Favorite Designers: Old Tom Morris

By: Tony Dear

Editor's Note: In each month of 2011 Cybergolf correspondent Tony Dear will cover his favorite course designers and explain why he rates them so highly. Now up: Old Tom Morris.

OId Tom Morris

Of all the architects/designers included in this series, Old Tom Morris was always going to be the trickiest to profile. Not only has he long since departed - keeping the Lord's green now for 103 years, but not one of the courses he created from scratch remains exactly as the good Tom laid them out. So much water has passed under the Swilcan Bridge since he repositioned the Old Course's first green on the western side of the burn, and the game's equipment has evolved so much, his originals have been updated not once, not twice, but three or four times in many cases.

There's also the question over how many courses Old Tom actually had a hand in building, what his role was exactly, and which of them survive. Scour the Internet looking for courses associated with Morris and you'll see estimates ranging from the low-40s to "roughly 90," suggesting his contribution at some was so small it often went unrecorded.

In his excellent book "The Golf Courses of Old Tom Morris," Robert Kroeger lists 69 layouts. Ernie Payne, after becoming the first man to play all of Scotland's courses - therefore completing the "Ultimate Challenge," took on the "Old Tom Morris Challenge" in 2008, playing the 68 Morris courses he believed still existed. Melvyn Morrow, Old Tom's great-great-grandson, has for decades been working on a comprehensive list in which he breaks down courses that are "Still in Play," those that have "Moved," and those that have "Closed." He says a new course is added "every six weeks or so," thanks to new research. But Morrow currently has knowledge of 101 courses that benefited - at some stage or other - from Morris's creativity.

And that raises another issue: just how creative was Old Tom Morris? He surely didn't have many golf course construction tools in his shed; what earth he moved, he moved by hand. And he lived at a time when much of Britain's finest linksland was still available, meaning that he probably didn't need to be very creative at all. The undulating dunes gave him all the challenge, beauty and drama a good golf course required.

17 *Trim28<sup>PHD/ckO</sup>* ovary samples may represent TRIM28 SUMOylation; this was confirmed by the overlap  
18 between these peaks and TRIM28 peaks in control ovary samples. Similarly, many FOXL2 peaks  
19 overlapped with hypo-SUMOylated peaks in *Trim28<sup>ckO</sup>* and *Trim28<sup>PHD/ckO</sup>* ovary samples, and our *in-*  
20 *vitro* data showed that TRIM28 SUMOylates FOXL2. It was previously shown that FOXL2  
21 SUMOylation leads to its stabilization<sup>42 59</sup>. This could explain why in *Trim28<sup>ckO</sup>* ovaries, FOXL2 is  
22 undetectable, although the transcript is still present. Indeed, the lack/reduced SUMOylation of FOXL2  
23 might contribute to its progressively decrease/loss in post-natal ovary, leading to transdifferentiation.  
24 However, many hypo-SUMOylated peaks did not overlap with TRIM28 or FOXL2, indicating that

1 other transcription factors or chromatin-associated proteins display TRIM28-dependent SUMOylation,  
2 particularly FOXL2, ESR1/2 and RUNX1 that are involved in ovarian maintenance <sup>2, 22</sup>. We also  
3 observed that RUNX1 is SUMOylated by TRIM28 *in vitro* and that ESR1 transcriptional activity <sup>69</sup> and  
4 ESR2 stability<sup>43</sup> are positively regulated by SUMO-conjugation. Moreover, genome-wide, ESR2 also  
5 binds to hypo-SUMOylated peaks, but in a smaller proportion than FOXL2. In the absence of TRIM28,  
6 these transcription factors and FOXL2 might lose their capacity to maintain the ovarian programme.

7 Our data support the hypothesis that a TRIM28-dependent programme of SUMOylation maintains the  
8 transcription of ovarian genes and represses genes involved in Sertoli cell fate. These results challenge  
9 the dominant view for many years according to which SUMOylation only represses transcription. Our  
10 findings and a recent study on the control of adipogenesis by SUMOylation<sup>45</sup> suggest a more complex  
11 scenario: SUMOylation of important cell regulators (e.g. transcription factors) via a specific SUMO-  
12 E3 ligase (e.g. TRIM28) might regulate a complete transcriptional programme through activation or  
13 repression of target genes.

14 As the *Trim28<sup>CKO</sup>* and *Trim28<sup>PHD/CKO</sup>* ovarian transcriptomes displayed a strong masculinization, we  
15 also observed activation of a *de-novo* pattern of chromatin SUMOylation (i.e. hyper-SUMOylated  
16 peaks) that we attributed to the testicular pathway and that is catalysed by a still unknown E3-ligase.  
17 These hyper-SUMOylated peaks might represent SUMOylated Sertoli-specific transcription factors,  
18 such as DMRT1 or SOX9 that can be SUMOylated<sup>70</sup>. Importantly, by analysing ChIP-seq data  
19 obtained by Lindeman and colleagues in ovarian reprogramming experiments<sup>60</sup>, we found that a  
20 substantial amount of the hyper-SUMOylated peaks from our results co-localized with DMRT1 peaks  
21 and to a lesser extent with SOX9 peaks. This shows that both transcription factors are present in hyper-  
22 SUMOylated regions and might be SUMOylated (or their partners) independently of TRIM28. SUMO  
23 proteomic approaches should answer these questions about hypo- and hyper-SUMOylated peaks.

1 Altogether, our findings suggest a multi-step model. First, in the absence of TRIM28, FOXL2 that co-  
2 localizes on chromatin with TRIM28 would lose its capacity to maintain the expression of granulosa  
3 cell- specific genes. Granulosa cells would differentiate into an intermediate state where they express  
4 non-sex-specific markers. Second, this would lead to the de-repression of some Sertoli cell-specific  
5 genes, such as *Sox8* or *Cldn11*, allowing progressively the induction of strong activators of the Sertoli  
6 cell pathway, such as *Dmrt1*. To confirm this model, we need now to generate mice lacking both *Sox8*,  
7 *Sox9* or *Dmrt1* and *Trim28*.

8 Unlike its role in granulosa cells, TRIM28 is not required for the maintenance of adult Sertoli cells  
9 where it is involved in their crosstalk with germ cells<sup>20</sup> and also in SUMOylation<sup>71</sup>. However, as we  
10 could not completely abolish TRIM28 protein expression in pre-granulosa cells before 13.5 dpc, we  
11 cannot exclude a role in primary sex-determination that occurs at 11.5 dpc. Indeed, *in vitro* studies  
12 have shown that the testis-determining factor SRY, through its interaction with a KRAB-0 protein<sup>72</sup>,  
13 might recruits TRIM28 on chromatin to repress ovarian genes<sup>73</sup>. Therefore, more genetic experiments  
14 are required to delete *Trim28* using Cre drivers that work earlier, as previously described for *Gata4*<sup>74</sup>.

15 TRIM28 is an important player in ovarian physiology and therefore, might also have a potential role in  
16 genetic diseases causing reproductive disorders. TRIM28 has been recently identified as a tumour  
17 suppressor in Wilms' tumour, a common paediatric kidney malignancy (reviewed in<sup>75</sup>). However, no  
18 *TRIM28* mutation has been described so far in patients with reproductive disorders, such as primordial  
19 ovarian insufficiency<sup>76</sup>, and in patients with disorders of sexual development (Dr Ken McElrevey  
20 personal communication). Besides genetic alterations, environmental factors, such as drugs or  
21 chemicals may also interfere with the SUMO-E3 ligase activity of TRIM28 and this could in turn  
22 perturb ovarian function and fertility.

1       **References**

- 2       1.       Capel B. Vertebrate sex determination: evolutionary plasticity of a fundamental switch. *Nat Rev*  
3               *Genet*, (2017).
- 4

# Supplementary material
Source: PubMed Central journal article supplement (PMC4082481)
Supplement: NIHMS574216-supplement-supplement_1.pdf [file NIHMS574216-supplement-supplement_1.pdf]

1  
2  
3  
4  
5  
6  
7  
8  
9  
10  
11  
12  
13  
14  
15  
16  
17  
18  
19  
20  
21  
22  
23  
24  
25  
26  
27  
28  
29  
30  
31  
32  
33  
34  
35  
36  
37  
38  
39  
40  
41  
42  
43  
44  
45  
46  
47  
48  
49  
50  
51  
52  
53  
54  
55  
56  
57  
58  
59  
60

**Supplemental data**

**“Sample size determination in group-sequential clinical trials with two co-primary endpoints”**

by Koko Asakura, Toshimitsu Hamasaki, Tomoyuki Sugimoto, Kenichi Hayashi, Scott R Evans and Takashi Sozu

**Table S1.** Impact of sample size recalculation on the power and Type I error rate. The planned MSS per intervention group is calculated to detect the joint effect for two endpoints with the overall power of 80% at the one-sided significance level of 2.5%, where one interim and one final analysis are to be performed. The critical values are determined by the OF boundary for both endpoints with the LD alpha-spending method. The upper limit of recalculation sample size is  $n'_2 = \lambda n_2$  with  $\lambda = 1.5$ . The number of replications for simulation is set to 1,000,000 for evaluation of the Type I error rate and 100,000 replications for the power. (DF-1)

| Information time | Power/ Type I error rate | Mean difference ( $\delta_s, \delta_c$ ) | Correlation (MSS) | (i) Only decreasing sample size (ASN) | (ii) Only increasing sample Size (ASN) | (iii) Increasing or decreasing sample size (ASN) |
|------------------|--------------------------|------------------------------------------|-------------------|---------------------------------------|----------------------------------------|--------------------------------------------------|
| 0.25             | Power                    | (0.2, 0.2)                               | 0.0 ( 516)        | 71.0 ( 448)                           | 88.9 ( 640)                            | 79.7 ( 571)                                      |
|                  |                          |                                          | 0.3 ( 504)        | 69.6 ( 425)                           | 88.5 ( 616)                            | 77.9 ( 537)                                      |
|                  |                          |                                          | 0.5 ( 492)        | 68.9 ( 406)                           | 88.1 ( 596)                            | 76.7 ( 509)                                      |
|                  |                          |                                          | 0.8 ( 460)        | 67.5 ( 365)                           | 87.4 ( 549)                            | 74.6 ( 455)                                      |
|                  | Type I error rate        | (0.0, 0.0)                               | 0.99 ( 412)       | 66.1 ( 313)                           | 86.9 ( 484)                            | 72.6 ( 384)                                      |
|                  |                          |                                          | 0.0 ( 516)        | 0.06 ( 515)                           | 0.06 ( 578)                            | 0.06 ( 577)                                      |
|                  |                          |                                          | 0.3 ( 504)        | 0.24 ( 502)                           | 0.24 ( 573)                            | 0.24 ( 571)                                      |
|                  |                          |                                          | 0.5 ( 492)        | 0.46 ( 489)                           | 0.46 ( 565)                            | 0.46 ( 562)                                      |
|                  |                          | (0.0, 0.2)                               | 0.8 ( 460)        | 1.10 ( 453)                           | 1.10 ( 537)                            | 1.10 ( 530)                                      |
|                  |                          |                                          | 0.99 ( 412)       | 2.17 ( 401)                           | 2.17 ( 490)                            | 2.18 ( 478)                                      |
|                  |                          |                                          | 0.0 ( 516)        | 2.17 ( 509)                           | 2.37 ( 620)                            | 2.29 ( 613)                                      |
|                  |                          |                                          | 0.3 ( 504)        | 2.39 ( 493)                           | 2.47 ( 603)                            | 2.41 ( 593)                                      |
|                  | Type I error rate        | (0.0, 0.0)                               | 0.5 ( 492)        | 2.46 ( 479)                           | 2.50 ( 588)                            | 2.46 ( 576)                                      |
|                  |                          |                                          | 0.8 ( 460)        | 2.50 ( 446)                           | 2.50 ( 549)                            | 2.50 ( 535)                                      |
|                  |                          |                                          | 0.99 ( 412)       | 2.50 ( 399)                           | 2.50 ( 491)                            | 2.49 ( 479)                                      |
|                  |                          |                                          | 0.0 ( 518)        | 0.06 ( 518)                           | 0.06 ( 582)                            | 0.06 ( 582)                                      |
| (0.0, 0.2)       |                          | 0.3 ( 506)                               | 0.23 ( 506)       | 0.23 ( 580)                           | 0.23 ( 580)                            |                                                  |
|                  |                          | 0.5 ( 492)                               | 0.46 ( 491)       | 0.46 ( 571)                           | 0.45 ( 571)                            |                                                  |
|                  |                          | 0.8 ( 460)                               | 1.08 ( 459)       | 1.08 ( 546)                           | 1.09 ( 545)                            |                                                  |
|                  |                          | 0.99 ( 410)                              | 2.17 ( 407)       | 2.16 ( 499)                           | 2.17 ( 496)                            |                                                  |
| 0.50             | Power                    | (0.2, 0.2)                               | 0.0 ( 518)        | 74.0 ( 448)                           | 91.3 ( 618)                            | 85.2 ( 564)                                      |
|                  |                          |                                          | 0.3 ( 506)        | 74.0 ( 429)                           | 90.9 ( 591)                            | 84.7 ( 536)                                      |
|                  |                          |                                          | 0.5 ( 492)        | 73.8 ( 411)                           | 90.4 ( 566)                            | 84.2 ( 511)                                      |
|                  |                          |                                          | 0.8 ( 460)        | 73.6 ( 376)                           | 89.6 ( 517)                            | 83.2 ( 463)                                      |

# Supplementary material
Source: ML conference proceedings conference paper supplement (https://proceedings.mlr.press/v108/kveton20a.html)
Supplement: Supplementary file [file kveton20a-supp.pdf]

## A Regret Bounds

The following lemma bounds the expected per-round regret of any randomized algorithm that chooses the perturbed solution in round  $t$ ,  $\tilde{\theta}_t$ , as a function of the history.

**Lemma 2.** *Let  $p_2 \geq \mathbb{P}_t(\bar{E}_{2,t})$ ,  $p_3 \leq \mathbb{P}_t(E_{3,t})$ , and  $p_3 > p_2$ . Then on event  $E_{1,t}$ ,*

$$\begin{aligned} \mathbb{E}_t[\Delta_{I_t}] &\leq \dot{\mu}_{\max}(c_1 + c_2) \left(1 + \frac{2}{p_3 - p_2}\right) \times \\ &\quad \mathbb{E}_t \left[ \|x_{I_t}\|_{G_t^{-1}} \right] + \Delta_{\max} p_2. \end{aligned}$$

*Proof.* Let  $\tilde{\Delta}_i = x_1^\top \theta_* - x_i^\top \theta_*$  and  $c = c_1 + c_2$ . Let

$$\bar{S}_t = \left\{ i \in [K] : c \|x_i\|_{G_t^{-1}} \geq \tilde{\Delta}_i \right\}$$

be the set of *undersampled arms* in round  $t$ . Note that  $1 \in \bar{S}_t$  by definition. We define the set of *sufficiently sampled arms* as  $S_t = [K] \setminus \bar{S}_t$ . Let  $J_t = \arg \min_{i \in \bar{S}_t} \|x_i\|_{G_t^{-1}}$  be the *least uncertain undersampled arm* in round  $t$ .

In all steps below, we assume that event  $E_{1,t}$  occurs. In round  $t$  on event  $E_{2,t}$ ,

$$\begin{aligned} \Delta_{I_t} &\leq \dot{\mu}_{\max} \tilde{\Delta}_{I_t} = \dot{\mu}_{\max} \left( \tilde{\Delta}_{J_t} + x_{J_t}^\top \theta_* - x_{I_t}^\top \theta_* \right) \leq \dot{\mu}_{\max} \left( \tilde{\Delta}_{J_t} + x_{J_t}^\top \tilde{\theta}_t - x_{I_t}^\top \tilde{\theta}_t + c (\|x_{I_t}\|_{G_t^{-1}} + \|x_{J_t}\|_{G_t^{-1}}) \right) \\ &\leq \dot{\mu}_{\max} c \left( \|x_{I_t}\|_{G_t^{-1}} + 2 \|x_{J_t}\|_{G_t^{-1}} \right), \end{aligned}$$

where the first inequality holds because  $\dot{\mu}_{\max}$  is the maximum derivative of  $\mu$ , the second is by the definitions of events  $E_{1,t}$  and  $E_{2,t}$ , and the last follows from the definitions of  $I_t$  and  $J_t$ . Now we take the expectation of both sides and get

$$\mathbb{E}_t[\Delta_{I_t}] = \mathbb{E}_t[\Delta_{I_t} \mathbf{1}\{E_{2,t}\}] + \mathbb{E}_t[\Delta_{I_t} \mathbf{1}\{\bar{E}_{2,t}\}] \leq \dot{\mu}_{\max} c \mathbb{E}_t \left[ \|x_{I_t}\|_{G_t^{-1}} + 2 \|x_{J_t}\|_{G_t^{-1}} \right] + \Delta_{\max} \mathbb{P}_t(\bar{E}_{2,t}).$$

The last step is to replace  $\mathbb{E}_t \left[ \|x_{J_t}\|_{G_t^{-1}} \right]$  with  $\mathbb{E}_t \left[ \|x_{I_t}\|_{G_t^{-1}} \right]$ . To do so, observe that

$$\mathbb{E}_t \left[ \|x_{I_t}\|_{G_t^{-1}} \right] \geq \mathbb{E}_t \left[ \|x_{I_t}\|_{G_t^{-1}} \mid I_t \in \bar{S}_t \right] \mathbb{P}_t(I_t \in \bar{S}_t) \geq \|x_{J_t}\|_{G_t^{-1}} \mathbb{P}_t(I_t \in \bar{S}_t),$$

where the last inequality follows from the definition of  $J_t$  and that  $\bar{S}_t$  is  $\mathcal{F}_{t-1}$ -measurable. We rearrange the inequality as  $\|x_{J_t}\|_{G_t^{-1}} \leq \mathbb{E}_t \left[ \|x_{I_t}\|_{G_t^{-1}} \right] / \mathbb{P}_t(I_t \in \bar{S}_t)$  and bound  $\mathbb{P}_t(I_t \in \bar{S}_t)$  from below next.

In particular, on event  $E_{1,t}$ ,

It would perhaps be easier to hail Morris as the first great greenkeeper than as a course architect. As the Keeper of the Green at Prestwick, which stole him away from his hometown of St. Andrews in 1851, Morris discovered that by adding sand to the greens their drainage improved considerably, allowing him to weed and roll them almost as often as he liked. He also began the practice of maintaining hazards which, until then, had been truly noxious. And he made the actual hole uniform in size and shape (yes, round) by introducing the metal hole.

For me though, a sufficient number of solid examples of Morris's design work remain to justify his position among history's most important golf course architects. Most compelling among them are surely his changes to the Old Course at St. Andrews, where he returned after 14 years at Prestwick and which, under his watch, was transformed into the great links we recognize today.

"Of all his design work, I'd have to say that which he carried out on the Old Course was his greatest achievement," says Morrow. "Many say it was designed by nature, and that's true, but from the mid-1860s to the 1890s it was Old Tom who transformed it into a great course. Through his tenure, it nearly doubled in size with land bring reclaimed from the North Sea. He had a battle with the Eden Estuary to keep a few of the greens from being washed away during violent storms around 1870, but he managed to save them."